To Move Forward, We Must Focus on Common Ground

We want to be better. An overwhelming majority of Americans—nearly 70 percent—want a path for undocumented immigrants to establish legal status here. Strong majorities of Americans agree that immigrants make America better.

And yet, here we are, with 2-year-olds sitting in immigration courtrooms, thousands of miles from their families—and further still from any semblance of justice. Here we are, trying to resolve the fates of millions of hardworking, undocumented members of our community by comprehensively destabilizing their lives.

A new report from the National Immigration Forum, “Out of Many, One: A Defining Moment for American Immigration,” opens with a question: “How can the United States be a nation of laws and a nation of grace?”

For even as we feel the guilt for our collective cruelty to these families, we know that the U.S. must have rules for who can come here and participate in our economy and society. Perhaps they need updating. Perhaps they should be more gracious. Perhaps not. But whatever we decide, we should take them seriously.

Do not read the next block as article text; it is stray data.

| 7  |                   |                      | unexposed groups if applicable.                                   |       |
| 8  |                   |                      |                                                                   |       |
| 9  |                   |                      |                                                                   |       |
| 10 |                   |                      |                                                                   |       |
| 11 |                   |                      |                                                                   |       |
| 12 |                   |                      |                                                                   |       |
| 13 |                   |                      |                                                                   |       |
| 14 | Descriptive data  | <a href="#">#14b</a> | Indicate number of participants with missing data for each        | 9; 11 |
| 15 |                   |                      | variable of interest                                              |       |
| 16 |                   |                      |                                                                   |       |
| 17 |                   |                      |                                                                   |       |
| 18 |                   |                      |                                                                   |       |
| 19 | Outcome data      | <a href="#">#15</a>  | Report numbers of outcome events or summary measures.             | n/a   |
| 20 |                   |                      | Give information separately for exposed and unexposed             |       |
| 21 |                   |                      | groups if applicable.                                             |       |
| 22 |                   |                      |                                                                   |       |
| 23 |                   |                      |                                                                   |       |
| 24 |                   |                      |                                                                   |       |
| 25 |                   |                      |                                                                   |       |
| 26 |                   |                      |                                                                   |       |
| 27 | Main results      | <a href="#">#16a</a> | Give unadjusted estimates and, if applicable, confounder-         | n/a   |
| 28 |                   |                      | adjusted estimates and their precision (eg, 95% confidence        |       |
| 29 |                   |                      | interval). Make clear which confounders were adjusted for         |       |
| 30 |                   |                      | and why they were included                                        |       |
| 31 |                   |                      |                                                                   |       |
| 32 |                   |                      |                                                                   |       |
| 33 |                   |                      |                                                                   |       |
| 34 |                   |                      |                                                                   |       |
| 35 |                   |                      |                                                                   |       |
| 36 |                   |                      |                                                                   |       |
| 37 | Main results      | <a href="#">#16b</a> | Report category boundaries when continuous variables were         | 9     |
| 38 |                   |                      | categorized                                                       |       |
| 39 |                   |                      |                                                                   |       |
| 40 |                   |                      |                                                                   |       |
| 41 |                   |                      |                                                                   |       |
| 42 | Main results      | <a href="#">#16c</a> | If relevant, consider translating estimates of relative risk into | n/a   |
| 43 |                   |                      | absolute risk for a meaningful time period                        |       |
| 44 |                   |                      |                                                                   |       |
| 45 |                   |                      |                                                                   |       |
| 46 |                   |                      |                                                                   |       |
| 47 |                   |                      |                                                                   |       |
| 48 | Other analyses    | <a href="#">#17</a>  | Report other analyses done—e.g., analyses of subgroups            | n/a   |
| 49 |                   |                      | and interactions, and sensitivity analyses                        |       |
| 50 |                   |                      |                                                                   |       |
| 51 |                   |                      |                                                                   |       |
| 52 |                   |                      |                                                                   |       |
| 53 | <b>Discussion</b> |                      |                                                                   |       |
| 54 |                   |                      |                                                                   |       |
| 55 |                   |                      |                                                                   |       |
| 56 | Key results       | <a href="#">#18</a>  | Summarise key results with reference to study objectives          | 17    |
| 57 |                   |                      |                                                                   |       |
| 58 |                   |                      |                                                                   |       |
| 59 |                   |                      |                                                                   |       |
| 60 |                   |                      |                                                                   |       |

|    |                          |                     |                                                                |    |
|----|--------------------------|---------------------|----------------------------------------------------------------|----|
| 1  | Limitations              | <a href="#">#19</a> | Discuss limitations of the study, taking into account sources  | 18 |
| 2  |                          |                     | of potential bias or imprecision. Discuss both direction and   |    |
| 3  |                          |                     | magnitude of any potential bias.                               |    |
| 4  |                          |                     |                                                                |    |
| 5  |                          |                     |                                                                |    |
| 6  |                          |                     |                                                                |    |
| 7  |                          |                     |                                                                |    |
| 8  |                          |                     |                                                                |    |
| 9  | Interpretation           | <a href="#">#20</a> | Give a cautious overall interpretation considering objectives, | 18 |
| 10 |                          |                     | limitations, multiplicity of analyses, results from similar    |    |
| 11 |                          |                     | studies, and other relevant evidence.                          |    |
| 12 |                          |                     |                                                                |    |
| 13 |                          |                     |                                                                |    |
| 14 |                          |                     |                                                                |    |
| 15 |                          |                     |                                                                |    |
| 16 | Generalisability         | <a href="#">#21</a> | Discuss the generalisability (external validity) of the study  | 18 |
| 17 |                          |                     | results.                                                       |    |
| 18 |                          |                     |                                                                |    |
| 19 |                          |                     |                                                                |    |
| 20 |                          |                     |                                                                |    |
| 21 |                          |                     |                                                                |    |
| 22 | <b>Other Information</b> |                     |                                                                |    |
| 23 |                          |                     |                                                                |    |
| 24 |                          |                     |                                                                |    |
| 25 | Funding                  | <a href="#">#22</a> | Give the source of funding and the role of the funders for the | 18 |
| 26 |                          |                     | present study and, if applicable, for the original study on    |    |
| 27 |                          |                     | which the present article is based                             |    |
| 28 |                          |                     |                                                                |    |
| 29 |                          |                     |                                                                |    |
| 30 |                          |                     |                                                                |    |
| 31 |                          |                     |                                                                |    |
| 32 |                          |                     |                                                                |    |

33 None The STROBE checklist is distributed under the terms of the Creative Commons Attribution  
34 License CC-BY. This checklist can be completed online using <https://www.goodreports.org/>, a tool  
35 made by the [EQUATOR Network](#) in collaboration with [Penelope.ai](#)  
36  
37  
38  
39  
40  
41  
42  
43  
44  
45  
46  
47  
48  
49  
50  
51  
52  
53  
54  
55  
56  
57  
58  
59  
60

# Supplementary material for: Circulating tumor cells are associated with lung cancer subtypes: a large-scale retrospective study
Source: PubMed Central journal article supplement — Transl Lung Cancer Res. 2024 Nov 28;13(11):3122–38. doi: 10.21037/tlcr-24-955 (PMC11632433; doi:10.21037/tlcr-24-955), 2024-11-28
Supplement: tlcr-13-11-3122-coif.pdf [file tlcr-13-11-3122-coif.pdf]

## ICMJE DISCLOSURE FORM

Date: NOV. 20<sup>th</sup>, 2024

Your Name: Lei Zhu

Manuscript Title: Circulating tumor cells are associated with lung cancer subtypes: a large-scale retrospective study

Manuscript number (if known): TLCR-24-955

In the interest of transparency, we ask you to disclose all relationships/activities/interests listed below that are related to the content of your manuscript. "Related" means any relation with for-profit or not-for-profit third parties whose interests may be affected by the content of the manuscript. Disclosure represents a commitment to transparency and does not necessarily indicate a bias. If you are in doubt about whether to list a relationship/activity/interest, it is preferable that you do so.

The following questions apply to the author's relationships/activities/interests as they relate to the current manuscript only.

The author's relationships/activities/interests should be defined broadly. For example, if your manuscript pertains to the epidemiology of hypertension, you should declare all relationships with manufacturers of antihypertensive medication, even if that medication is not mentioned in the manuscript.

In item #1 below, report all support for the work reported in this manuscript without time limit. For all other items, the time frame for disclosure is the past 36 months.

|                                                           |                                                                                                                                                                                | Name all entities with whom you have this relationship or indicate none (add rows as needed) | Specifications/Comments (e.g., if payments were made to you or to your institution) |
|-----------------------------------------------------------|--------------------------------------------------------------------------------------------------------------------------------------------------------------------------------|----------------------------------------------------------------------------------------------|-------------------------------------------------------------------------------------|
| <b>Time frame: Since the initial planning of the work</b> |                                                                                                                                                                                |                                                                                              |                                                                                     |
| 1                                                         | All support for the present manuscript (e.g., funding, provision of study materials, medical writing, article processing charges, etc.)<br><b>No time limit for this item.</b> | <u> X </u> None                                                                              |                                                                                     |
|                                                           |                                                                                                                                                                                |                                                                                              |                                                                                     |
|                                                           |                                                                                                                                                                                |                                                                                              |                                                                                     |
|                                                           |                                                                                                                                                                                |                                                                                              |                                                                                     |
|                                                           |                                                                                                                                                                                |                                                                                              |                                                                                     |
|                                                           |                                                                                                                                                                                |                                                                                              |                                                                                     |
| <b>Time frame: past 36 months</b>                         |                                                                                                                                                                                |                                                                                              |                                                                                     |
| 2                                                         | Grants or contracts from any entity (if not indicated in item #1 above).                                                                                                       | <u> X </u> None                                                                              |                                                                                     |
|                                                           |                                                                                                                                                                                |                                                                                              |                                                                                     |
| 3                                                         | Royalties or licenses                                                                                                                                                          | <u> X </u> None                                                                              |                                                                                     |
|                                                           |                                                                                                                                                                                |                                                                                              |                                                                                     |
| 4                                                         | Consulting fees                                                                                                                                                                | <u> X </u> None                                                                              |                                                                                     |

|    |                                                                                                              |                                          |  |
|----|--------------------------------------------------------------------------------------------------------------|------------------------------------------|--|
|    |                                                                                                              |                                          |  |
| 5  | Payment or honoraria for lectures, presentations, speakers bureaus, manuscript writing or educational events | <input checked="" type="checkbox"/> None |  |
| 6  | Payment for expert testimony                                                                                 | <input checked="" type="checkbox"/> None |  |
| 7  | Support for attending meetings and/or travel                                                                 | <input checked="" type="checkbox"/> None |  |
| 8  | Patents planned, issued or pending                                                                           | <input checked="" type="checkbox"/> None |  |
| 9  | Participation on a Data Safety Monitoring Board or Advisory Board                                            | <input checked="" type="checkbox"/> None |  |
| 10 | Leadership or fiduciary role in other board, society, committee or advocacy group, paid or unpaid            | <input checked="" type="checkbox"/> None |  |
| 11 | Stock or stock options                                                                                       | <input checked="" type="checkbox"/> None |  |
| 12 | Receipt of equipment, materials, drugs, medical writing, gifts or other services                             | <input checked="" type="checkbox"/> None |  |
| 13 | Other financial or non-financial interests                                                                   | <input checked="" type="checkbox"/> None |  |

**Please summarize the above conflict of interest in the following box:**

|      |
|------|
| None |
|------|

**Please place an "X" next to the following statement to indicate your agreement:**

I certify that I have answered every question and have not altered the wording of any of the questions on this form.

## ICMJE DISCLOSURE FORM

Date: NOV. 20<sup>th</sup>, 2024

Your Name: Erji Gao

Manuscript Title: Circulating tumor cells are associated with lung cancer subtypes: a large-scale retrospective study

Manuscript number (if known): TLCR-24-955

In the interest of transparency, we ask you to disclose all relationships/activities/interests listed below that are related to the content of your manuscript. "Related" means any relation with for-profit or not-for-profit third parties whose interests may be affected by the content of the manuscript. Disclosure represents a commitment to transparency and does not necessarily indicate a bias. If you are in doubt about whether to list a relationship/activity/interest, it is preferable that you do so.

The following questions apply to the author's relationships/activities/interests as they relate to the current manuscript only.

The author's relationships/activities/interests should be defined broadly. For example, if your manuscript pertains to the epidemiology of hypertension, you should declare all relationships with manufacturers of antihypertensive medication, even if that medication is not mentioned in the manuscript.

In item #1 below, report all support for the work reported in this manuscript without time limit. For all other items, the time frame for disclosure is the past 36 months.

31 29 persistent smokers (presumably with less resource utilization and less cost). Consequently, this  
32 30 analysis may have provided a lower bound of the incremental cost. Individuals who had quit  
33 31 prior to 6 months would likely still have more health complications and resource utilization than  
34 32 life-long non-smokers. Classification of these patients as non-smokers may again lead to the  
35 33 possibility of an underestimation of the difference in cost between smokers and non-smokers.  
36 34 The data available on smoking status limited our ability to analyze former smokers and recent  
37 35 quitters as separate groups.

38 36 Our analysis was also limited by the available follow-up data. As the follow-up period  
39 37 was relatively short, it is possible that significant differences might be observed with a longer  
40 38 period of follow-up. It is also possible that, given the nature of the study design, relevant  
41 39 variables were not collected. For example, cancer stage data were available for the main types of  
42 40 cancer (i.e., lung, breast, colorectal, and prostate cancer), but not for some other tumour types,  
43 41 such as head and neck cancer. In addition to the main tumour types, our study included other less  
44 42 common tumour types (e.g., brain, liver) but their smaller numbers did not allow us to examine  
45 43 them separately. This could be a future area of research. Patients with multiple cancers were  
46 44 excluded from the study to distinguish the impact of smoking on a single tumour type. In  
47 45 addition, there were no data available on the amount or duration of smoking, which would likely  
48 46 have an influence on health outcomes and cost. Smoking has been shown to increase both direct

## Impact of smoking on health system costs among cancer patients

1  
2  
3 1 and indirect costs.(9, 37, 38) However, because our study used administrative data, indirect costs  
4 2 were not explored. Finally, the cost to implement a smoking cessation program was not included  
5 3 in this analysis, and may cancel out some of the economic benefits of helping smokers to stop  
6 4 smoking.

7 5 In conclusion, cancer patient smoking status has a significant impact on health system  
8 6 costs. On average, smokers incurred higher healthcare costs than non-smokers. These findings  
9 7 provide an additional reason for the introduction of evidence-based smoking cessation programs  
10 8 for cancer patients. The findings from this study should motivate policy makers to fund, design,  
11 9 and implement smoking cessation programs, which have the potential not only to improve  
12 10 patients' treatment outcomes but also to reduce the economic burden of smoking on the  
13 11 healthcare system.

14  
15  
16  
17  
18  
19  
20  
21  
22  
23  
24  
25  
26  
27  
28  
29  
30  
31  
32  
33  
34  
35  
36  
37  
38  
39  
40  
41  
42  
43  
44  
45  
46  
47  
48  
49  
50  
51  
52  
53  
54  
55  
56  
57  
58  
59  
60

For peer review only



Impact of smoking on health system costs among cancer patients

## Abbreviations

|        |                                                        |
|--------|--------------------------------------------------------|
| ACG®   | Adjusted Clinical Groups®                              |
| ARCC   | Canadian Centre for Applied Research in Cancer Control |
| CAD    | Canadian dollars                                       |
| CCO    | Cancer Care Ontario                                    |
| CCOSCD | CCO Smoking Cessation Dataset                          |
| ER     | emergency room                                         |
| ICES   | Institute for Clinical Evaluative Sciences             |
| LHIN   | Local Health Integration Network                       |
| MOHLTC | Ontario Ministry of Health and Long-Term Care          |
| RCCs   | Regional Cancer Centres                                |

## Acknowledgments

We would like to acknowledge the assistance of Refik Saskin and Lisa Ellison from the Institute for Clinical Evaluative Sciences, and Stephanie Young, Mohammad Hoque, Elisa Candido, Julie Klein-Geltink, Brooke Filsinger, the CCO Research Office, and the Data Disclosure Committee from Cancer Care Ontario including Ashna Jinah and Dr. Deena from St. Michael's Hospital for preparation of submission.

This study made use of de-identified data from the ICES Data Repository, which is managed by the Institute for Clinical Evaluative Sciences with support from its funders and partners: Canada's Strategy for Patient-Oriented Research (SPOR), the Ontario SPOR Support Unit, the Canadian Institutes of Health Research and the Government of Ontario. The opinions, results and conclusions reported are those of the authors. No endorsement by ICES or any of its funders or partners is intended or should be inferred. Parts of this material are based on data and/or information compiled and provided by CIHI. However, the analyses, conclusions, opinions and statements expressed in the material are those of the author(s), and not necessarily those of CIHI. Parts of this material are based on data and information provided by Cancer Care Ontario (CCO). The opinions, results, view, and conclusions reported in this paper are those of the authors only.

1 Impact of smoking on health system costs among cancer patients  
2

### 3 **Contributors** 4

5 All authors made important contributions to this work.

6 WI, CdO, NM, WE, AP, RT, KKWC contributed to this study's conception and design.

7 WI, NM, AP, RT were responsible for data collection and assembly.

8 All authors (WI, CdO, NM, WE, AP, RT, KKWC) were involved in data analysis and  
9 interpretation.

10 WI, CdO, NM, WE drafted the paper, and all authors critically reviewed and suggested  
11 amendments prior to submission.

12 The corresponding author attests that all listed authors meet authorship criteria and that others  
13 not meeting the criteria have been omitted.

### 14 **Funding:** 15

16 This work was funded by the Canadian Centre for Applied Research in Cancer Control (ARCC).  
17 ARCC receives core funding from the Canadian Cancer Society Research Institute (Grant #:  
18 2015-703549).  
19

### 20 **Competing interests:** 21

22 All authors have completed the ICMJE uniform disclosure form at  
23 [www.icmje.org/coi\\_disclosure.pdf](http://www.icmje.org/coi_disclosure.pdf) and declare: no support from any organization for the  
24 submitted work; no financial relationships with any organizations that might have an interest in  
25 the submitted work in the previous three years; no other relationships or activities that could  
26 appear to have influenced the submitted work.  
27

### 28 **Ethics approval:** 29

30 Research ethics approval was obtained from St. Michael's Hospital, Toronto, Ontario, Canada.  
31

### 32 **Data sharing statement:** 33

“Out of Many, One” was built around conversations with “faith leaders, police officers, business owners, immigrants, refugees and other community members” in 26 U.S. towns. It found that, in part, immigration politics are stymied because some Americans are anxious about the state of our cultural identity. Participants often saw immigrants’ linguistic and cultural diversity as interesting and valuable—but also worried that these could be a threat to the culture they find familiar.

The substantive path forward is relatively clear. We—the Americans whose immigrant roots are a few generations distant—need, as an accompanying report from More in Common concluded, “to focus first on those things that we share, and this starts with our identity as Americans.”